AVX argues that substantial evidence does not support the Ingenio price erosion verdict because Greatbatch failed to prove a pre-erosion price or that the price actually dropped. (Tr. at 5-6) (AVX: "In a price erosion case, it's the patentee that must establish the amount of the price reduction. They can't guess at it. They can't make it up.") AVX further contends that Greatbatch's damages expert, Dr. Strickland, based his price erosion calculations on data that was too hypothetical, including "a 2007 budgetary quote for an unfiltered feedthrough ('UFT') called Falcon/Ingenio that BSC [Boston Scientific Corporation] never accepted," "one Greatbatch internal pricing scenario selected from among 3, 000 for a filtered feedthrough ('FFT')," and "the conclusory and uncorroborated testimony of Greatbatch's employees." (D.I. 1271 at 2; see also Tr. at 10-16) In AVX's view, there is insufficient evidence of technical comparability between Ingenio and the Falcon product, employee testimony provides no evidence of the amount of erosion, and a budgetary scenario selected by Plaintiffs expert - a $95 price in May 2010, which was used to derive the $30 price erosion for Ingenio - was chosen from four options without any rationale. (D.I. 1271 at 4-7) AVX further argues that because the June 2009 Ingenio FFT price quote (which predates AVX's December 2009 qualification as a second source) is the same as the prices eventually negotiated in the 2011 supply agreement, no erosion occurred. (Tr. at 6)

         Notwithstanding these criticisms, the Court agrees with Greatbatch that "giving Greatbatch the advantage of every fair and reasonable inference, there is sufficient evidence to support the verdict." (Tr. at 19) The jury was free to credit Dr. Strickland's testimony "that Greatbatch would not have agreed to that eroded filtering price in the 'but for' world (where AVX did not infringe)." (D.I. 1280 at 3) A market reconstruction for purposes of assessing price erosion damages is a hypothetical exercise and involves no per se obligation of establishing an "actual price" from which erosion is measured. See, e.g., Grain Processing Corp. v. Am. Maize-Prods. Co., 185 F.3d 1341, 1350 (Fed. Cir. 1999); Wechsler v. Macke Int'l Trade, Inc., 486 F.3d 1286, 1293 (Fed. Cir. 2007) ("Normally, if the patentee is not selling a product, by definition there can be no lost profits. The only exception is where the patentee has the ability to manufacture and market a product, but for some legitimate reason does not.") (internal quotation marks and citation omitted); see also Tr. at 21. Greatbatch makes the reasonable argument that "[t]here was no historical, uneroded price for the Ingenio FFT" filtering. (D.I. 1280 at 3)[1] Substantial evidence supports the jury's implicit finding that the manner in which BSC purchased the patented technology from Greatbatch changed after AVX's infringement, creating downward pressure on the prices Greatbatch could charge BSC. (See Tr. at 20 (Greatbatch: "Boston Scientific, due to AVX's infringement, was able to do what Greatbatch didn't want it to do, which is vertically integrate the filtered feedthrough so that Greatbatch and AVX would be providing filtering only on an Ingenio that had a Boston Scientific unfiltered feed through. That is where the price erosion comes from."); see also Id. at 26 ("[T]here was never just filtering possible until AVX infringed.")) AVX acknowledges that BSC put pressure on Greatbatch to reduce prices (see Tr. at 17), and BSC believed it had succeeded in using AVX to drive down Greatbatch prices (see, e.g., D.I. 1284-1, Ex. 38 (PTX-359)).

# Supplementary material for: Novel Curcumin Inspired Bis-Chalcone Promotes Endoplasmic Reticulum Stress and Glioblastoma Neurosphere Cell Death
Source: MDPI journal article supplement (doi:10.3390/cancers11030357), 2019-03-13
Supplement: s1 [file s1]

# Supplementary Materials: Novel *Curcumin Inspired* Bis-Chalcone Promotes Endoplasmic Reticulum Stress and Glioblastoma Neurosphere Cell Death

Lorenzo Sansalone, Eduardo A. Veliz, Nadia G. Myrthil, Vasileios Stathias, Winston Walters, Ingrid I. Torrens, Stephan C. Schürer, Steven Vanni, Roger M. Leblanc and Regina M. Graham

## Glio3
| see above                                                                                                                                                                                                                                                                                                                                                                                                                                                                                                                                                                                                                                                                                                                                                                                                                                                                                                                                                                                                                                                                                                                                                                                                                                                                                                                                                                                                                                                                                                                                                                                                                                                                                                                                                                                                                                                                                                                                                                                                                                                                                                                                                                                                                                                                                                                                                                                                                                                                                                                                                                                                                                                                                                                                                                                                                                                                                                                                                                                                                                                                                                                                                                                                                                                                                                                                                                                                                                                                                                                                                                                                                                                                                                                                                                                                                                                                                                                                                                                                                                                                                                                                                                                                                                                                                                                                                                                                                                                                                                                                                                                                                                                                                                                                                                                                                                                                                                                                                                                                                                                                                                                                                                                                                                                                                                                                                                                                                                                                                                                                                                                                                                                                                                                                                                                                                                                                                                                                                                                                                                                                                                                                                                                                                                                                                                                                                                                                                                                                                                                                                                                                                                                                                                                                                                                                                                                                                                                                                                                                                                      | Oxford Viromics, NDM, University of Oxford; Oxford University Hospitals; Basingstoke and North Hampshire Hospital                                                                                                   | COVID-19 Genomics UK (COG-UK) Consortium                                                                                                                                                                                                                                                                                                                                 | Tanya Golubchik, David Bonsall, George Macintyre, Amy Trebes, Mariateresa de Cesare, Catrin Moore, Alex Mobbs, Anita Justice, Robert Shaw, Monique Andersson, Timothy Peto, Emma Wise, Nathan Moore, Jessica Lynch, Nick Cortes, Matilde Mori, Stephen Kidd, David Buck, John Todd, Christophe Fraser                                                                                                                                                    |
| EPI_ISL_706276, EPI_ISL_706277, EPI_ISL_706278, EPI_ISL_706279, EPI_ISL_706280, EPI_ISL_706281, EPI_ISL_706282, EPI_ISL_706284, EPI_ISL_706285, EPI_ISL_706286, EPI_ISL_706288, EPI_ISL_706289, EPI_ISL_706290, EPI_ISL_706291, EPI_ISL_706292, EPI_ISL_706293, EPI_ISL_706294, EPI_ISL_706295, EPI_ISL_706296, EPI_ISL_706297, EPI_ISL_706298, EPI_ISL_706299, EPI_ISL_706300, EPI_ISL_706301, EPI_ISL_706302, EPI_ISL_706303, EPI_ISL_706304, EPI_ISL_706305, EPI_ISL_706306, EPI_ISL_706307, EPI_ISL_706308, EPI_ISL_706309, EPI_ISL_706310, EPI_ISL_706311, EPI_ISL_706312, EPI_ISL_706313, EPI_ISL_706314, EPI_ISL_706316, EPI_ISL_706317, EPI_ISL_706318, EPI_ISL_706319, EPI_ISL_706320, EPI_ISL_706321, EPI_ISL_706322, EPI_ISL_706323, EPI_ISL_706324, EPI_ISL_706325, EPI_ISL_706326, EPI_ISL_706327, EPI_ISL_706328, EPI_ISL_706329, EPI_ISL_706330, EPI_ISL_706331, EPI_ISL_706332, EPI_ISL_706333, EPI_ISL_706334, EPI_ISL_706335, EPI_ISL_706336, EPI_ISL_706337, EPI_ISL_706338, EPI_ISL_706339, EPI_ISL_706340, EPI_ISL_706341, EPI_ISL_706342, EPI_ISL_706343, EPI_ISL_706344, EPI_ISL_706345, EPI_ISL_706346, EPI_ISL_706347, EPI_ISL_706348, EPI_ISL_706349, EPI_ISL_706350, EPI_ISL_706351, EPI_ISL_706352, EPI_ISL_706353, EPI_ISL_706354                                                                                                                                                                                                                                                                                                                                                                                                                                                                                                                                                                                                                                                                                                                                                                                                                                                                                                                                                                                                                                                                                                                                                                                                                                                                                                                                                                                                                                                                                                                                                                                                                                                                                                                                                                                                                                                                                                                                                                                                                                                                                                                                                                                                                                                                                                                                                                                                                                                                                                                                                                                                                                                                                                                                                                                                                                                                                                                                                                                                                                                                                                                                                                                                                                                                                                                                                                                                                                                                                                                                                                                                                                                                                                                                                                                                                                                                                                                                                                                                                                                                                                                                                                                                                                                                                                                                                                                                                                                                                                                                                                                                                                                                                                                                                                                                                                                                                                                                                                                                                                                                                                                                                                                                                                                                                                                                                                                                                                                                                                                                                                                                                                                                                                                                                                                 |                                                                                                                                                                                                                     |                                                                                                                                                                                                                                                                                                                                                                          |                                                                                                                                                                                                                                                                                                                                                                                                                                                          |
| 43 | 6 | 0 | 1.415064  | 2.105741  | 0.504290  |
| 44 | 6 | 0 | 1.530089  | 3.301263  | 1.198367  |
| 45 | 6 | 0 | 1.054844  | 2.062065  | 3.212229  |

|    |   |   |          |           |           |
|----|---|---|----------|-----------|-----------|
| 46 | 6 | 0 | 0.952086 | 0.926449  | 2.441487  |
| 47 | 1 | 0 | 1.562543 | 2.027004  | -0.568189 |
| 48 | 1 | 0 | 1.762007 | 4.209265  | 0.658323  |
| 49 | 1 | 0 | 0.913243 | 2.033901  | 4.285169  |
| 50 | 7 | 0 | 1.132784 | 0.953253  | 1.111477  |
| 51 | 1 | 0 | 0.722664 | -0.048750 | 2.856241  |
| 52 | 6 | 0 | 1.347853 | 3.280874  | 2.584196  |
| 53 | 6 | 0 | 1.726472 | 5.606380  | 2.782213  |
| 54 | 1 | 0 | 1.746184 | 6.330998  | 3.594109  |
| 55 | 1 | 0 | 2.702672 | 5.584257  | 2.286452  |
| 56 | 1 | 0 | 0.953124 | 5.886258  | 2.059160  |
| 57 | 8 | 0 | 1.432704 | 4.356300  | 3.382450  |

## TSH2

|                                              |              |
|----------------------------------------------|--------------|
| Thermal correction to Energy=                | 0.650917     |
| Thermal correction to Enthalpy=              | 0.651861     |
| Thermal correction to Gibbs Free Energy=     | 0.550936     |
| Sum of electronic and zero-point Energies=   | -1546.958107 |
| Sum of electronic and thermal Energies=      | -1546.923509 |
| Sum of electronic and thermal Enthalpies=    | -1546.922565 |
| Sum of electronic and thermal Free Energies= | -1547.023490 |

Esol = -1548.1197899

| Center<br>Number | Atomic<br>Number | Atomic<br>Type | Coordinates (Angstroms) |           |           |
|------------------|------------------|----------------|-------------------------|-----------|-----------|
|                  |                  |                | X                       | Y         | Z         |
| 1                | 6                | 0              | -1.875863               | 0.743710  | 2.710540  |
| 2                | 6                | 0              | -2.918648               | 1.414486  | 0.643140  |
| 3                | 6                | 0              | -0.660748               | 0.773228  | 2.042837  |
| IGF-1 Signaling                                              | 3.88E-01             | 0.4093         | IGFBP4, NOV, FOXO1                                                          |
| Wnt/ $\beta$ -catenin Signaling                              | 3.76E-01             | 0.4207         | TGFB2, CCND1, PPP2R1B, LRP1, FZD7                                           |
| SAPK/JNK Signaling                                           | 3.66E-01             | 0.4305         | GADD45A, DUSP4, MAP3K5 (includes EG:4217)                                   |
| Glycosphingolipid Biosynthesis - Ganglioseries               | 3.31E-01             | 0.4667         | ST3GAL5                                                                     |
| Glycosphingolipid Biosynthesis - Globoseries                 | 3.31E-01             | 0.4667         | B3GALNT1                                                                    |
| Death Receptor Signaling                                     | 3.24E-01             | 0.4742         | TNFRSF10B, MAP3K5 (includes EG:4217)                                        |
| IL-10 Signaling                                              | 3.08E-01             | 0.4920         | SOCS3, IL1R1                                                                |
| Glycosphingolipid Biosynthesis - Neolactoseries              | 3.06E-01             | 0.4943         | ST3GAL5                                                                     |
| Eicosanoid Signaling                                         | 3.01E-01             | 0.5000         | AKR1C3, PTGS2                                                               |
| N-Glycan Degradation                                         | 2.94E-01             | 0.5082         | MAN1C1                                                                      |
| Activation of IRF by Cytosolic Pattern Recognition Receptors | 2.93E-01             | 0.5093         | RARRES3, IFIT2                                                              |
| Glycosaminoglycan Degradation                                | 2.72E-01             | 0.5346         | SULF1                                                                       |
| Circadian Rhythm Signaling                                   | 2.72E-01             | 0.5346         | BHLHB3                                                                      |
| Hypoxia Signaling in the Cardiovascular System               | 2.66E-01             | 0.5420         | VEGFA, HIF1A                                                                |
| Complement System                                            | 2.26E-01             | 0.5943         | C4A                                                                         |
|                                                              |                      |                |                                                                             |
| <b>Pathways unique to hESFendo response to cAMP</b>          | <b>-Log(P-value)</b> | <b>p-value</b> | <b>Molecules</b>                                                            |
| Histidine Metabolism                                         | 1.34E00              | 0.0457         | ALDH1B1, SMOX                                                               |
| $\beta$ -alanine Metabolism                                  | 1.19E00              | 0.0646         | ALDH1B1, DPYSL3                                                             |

Under these circumstances, Dr. Strickland could properly rely on "a detailed analysis of the companies involved, including a comprehensive review of Greatbatch's pricing, sales, and costs; discussions with many Greatbatch employees; and review of thousands of confidential documents, including the contracts and contract negotiation documents, as well as publicly-available information such as the parties['] and BSC's 10-Ks." (D.I. 1280 at 4) Further, the jury could properly and reasonably accept the Falcon/Ingenio comparison. (Id. at 5-6) The Court agrees with Greatbatch that "AVX's contentions that the quote is budgetary, not discounted for volume or not sufficiently linked to Ingenio simply go to the weight of the evidence." (Tr. at 22)[2]

         AVX also argues that substantial evidence does not support the NG3 damages verdict, including lost sales and price erosion:

Greatbatch's reconstructed market included only Greatbatch and AVX, i.e., a sale made by AVX was a sale lost by Greatbatch. But, as of 2014, BSC was in the market as a filter supplier. Because Greatbatch's reconstructed market did not include BSC, the NG3 lost profits and price erosion verdict is not supported.

(D.I. 1271 at 8-9) AVX points to testimony that "after giving notice, BSC supplied its own filter for NG3," meaning there was no two-supplier market that would support Greatbatch's damages ...